Steve Sachs Duke


Saturday, November 08, 2003


Don't Ask, Don't Receive: I've been following the lawsuit filed by a group of Yale Law students over the military's "Don't Ask, Don't Tell" policy. Many schools, Yale Law included, had restricted the military's recruiting efforts on campus under a policy of non-discrimination on the basis of sexual orientation. The students are challenging military regulations under the Solomon Amendment, a law conditioning universities' federal funding on access for military recruiters. According to the Yale students' complaint (PDF), they chose to be part of an association that rejects discrimination on the basis of sexual orientation, and forcing the school to compromise that message violates their rights of "expressive association, freedom of speech, freedom of association in pursuit of common objectives and freedom of intimate association."

In my opinion, the real question here is one of statutory interpretation. The Solomon Amendment required that universities provide "access" to military recruiters, not necessarily that they provide the same level of access to the military recruiters as they do to corporate recruiters (as the Pentagon sees it). (I can't find a copy of the most recent text online, but an older version of the law--which has since been amended--is available here.) As one judge noted in response to a similar lawsuit (PDF 1, PDF 2), it's not clear "how the statute requires absolute parity when all that it requires is that a school not 'prohibit' or 'in effect prevent' military recruiting efforts."

The Yale students also argue that the statute should only affect funding to Yale Law School, not all of Yale University. But the language of subsection (b) seems to read differently (at least in the 2002 version of the law):

No funds [as described later in the amendment] may be provided by contract or by grant (including a grant of funds to be available for student aid) to an institution of higher education (including any subelement of such institution) if the Secretary of Defense determines that that institution (or any subelement of that institution) has a policy or practice (regardless of when implemented) that either prohibits, or in effect prevents ..."

The "including" parentheticals are clearly meant to expand, rather than restrict, the scope of the limitation. If the instutition or any subelement blocks access, then the whole institution (including all subelements) gets shut out.

The focus of much of the attention, however, has been another claim--that the Solomon Amendment violates students' and universities' freedom of association. Without expressing any opinion on the merits of "Don't Ask, Don't Tell" or the universities' choice to restrict recruiting, I'm not sure I buy this argument. The government places conditions on federal funding all the time. For instance, a Catholic church group has a constitutional right to accept only Catholics as members, or to proselytize and try to convert people to Catholicism. That's part of their First Amendment freedoms; if the government tried to take it away, it would be violating their rights. But if the government didn't want to fund the church group because it proselytizes or discriminates on the basis of religion, no one would say that it's violating the church group's rights--they don't have a right to federal funding. (In fact, many people on the left have tried to argue that school vouchers are unconstitutional because they might send government money to religious schools; the schools' First Amendment right to be religious doesn't guarantee them access to taxpayer money.)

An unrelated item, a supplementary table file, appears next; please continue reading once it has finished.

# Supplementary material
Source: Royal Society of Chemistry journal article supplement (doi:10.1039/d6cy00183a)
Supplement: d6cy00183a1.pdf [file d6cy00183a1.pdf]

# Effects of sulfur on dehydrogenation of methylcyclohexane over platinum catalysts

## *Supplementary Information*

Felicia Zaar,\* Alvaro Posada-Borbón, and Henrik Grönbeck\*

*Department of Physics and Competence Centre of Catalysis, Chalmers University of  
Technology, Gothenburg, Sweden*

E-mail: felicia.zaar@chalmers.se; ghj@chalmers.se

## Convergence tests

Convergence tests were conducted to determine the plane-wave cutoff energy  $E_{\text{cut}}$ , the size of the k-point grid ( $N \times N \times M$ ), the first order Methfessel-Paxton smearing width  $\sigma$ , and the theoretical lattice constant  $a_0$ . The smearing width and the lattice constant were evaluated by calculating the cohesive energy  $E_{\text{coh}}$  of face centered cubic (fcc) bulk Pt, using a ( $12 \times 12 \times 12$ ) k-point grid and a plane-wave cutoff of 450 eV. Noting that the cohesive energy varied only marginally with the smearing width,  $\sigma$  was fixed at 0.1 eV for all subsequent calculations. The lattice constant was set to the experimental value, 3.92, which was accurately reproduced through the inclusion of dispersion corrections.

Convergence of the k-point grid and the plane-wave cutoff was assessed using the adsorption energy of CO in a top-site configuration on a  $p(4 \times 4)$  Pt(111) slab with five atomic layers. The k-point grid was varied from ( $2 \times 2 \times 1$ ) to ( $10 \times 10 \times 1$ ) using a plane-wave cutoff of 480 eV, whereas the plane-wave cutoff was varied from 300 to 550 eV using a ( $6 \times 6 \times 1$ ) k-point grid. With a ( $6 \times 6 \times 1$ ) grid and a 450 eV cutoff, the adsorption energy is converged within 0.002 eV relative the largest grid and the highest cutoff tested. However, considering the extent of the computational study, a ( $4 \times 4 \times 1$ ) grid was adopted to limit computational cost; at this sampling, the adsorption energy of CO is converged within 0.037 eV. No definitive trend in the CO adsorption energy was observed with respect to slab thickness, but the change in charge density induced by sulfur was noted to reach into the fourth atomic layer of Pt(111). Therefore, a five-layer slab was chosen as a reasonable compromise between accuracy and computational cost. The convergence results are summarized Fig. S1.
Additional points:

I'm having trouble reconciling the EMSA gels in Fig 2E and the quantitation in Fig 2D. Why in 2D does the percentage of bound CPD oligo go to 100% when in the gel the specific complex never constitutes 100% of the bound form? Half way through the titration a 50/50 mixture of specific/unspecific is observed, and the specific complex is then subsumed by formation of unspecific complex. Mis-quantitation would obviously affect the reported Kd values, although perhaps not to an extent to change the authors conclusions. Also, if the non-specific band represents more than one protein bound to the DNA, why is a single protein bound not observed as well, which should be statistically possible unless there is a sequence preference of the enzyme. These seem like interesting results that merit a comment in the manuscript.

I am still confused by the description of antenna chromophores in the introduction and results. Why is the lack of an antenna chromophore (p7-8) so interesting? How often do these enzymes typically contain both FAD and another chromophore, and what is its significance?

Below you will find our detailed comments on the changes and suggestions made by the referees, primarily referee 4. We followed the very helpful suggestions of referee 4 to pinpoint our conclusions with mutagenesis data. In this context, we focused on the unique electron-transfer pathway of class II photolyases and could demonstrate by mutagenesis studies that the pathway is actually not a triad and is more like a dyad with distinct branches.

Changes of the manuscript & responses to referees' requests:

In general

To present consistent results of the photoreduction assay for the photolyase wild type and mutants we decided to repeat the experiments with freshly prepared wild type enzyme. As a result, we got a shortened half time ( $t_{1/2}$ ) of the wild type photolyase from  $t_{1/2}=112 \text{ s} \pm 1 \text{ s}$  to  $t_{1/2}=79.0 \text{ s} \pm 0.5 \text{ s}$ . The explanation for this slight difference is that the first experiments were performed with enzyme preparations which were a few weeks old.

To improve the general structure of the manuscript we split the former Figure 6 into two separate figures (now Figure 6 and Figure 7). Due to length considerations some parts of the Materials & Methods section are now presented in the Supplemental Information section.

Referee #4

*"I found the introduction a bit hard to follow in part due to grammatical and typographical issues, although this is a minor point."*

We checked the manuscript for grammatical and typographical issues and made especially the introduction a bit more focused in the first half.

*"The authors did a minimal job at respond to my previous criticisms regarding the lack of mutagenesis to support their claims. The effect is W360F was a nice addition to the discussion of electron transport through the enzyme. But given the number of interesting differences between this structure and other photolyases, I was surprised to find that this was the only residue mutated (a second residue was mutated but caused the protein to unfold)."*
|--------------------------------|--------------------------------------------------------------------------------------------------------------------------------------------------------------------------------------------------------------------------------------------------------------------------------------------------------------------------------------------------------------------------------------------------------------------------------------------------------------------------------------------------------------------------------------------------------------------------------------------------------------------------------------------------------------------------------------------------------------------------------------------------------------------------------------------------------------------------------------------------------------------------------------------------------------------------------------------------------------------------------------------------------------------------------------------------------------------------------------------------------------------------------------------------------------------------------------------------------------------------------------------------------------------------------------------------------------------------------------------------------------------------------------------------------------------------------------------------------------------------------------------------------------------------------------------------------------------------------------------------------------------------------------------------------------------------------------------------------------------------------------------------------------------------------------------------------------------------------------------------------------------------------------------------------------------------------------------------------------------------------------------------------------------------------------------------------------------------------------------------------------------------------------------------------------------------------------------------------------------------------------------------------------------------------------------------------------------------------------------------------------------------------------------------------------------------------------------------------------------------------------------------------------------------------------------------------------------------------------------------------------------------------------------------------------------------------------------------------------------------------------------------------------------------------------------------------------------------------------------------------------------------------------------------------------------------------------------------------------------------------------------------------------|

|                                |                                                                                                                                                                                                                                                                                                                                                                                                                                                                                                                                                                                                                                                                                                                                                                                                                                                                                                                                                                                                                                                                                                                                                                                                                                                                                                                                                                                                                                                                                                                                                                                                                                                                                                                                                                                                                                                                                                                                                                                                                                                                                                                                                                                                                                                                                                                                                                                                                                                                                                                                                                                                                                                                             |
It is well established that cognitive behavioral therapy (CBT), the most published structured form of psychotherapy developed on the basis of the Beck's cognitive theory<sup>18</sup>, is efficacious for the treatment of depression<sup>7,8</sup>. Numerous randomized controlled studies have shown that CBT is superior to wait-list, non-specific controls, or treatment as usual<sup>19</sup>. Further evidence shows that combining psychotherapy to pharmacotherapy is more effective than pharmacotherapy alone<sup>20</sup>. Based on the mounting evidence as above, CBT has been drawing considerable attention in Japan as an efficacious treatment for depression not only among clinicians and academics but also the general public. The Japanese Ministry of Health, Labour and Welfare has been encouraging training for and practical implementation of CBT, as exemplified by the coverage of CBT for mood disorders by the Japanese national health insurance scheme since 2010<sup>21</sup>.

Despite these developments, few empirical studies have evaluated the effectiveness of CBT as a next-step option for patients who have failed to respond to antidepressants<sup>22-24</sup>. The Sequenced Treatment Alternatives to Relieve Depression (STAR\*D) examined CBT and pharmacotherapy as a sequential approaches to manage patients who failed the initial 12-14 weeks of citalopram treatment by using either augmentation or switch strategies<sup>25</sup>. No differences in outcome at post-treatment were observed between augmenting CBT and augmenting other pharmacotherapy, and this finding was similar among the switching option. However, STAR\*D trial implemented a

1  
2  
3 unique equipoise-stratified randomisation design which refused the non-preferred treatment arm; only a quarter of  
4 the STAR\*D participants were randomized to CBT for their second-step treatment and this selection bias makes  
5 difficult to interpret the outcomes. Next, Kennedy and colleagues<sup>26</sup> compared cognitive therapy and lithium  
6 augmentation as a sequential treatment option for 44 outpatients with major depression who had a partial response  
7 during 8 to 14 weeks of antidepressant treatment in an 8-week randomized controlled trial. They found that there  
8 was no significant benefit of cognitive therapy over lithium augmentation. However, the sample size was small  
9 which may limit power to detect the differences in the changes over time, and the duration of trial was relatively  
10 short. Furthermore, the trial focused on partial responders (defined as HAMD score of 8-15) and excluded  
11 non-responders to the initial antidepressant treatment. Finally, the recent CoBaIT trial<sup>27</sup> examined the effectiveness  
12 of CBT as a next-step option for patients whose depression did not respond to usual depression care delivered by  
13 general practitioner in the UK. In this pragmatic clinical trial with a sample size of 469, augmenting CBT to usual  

There might be limits on how Congress can use the spending power--they can't require federally funded groups to vote Republican or swear loyalty oaths. But there's a difference between specifically subsidizing or penalizing speech, and trying to forward other legitimate government interests (like a well-functioning military) that happen to impinge on a particular group's viewpoint. So my guess is that the statute itself will survive judicial scrutiny, but perhaps not the Pentagon's current interpretation of it.

(Another interesting issue is posed by the Amendment's exception for schools with a longstanding tradition of religious pacifism. Could a school with a longstanding tradition of secular pacifism sue for equal treatment? And isn't the government discriminating among viewpoints by making exceptions for pacifists but not others? But these arguments seems similar to those surrounding conscientious objectors--whether objectors can rely on secular or only religious principles of pacifiism, and whether they have to be longstanding pacifists or merely opposed to the particular war for which they're drafted--and there's no reason to expect it to be different when it comes to school funding.)




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